New research from James Cook University shows it was local governments that transformed northern Queensland, following the end of World War II.
PhD student Patrick White’s research argues that the region’s post-war reconstruction was thanks to local efforts, rather than state and federal actions.
“It was local governments who drove the reconstruction of north Queensland,” he said.
“They persisted despite the nation’s declining interest in northern development because they believed they had a responsibility to fill a void created by distant state and federal governments.”
Mr White said histories of post-war reconstruction usually focus on the role of the Commonwealth Government and neglect the efforts of tropical regions.
“The contributions made by local governments modernised north Queensland and influenced the politics of northern development,” he said. “It was thanks to campaigning by north Queensland councils that northern development became a national priority.”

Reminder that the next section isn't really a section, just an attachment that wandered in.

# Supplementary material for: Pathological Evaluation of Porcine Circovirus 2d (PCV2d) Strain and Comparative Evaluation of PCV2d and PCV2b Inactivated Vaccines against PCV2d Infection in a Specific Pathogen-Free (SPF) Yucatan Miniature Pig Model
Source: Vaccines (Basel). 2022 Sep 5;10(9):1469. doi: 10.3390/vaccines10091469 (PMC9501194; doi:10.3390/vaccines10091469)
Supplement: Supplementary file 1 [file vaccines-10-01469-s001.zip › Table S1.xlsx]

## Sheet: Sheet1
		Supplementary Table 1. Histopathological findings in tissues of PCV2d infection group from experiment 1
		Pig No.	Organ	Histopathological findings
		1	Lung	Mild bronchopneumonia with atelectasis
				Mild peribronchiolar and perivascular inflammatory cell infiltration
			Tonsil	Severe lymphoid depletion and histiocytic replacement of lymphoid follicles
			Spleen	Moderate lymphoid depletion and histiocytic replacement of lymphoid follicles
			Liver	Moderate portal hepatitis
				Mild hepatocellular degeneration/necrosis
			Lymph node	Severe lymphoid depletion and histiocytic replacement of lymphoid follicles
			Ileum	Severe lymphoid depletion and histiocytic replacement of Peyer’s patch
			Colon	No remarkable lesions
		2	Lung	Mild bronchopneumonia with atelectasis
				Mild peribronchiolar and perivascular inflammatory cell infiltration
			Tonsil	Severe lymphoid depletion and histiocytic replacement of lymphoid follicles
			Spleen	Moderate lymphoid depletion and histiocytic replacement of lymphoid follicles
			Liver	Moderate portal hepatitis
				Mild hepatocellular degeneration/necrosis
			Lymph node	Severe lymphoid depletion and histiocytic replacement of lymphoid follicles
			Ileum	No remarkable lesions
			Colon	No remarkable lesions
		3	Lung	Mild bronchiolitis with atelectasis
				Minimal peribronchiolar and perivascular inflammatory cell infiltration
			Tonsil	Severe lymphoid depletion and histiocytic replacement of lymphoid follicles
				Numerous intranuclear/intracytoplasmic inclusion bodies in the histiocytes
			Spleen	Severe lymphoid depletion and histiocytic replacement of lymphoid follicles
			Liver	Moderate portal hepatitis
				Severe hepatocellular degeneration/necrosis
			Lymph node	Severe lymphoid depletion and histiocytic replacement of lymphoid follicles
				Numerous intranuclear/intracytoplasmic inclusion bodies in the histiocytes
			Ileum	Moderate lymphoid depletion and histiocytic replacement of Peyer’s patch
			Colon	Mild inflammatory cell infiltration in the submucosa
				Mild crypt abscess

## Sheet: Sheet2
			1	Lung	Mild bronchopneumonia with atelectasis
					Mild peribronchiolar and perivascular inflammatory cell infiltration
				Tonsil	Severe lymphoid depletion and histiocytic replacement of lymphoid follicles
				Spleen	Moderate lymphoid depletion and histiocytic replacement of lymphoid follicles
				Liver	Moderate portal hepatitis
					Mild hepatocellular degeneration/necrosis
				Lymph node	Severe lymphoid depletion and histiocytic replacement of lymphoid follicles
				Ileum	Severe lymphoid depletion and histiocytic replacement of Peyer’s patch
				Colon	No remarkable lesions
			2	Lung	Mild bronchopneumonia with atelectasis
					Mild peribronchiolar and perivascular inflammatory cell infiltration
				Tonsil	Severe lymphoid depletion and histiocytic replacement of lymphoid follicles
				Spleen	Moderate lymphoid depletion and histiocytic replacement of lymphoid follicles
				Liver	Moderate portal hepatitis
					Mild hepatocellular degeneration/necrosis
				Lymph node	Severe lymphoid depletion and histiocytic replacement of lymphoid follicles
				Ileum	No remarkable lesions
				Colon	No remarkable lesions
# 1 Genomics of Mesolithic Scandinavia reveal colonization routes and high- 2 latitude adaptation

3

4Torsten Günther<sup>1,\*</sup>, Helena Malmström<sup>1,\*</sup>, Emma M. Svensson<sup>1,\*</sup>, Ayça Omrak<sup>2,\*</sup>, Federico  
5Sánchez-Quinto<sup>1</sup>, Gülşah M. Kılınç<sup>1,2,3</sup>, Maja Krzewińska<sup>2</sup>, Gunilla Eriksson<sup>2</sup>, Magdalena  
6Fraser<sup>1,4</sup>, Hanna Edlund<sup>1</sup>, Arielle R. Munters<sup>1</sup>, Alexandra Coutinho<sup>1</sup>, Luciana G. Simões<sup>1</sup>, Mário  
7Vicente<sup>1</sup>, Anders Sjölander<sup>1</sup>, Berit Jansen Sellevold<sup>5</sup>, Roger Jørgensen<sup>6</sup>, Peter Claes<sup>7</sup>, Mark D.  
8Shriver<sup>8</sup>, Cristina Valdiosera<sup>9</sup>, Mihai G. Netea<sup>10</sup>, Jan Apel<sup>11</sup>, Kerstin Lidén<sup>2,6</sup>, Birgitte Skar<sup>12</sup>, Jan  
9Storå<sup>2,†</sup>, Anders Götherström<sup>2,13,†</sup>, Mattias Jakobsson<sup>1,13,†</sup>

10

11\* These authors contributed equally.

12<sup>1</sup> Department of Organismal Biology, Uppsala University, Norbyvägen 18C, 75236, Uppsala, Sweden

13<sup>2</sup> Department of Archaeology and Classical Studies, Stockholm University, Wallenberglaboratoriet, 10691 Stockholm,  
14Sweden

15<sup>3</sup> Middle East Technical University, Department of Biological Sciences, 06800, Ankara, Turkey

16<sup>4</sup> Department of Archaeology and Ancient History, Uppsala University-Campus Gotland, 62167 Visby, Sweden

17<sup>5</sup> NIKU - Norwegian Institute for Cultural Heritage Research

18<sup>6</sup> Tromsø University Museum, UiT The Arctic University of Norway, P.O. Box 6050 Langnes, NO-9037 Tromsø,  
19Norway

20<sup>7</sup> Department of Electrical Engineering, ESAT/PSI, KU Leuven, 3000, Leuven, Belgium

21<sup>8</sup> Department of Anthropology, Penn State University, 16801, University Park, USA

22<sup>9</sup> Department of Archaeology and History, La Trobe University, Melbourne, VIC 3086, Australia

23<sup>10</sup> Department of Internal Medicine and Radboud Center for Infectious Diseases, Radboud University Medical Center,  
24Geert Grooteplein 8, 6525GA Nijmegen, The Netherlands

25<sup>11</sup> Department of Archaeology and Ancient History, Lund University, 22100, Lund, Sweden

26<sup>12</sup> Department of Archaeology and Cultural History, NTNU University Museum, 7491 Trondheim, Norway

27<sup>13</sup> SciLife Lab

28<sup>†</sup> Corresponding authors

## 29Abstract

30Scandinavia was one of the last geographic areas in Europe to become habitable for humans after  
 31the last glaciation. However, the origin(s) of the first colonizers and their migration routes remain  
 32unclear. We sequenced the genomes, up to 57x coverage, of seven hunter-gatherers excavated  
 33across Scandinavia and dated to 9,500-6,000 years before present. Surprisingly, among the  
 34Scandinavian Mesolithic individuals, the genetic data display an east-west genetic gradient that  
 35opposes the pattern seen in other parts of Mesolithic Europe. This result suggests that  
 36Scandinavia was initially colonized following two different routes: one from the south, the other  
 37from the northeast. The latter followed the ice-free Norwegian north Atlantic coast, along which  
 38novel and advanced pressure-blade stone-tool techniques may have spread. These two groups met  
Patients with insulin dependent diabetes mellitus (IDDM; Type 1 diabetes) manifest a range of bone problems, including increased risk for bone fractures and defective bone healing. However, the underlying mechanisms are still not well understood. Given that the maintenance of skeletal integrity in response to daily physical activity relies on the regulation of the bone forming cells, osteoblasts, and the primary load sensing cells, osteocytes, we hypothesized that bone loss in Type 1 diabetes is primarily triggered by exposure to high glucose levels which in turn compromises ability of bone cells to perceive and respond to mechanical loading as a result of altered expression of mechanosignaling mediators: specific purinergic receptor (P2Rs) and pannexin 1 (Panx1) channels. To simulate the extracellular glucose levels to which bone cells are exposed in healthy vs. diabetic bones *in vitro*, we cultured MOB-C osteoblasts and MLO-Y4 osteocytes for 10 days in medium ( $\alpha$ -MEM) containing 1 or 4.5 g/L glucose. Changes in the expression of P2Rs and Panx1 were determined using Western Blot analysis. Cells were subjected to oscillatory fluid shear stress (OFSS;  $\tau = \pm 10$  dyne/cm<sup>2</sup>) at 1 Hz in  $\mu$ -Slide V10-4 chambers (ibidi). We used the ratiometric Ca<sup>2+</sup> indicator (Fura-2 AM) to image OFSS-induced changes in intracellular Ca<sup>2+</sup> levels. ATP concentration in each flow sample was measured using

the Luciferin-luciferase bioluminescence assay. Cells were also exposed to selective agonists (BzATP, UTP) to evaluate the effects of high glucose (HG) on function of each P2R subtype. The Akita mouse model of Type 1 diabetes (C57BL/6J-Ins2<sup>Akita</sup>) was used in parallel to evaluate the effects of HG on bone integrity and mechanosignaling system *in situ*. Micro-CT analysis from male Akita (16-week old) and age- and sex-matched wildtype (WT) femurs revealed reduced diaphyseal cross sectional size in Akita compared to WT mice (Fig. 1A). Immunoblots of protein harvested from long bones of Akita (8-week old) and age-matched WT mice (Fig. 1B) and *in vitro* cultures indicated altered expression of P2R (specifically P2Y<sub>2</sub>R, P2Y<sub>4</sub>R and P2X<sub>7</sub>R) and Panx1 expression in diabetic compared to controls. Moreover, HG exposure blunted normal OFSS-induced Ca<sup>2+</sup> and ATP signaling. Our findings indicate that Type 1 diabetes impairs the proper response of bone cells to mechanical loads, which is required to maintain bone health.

The North Queensland Local Government Association (NQLGA) was established in 1944 and was initially made up of ten municipalities located along the coastal strip between Townsville and Cooktown. Membership of the Association grew to around 21 councils and included authorities from as far south as Mackay and west to Charters Towers.
Mr White said that northern voices had often been overlooked in national history.
“The association modernised infrastructure and improved social conditions,” he said.
“It also launched an influential publicity campaign aimed at tripling the population of northern Australia within ten years. The ‘People of the North’ campaign attracted high profile support and sustained national media attention for several years.
“It is likely no other association of local governments has produced a national publicity campaign quite like it. It made a formidable contribution to Australian politics in an era when national priorities often eclipsed regional concerns.”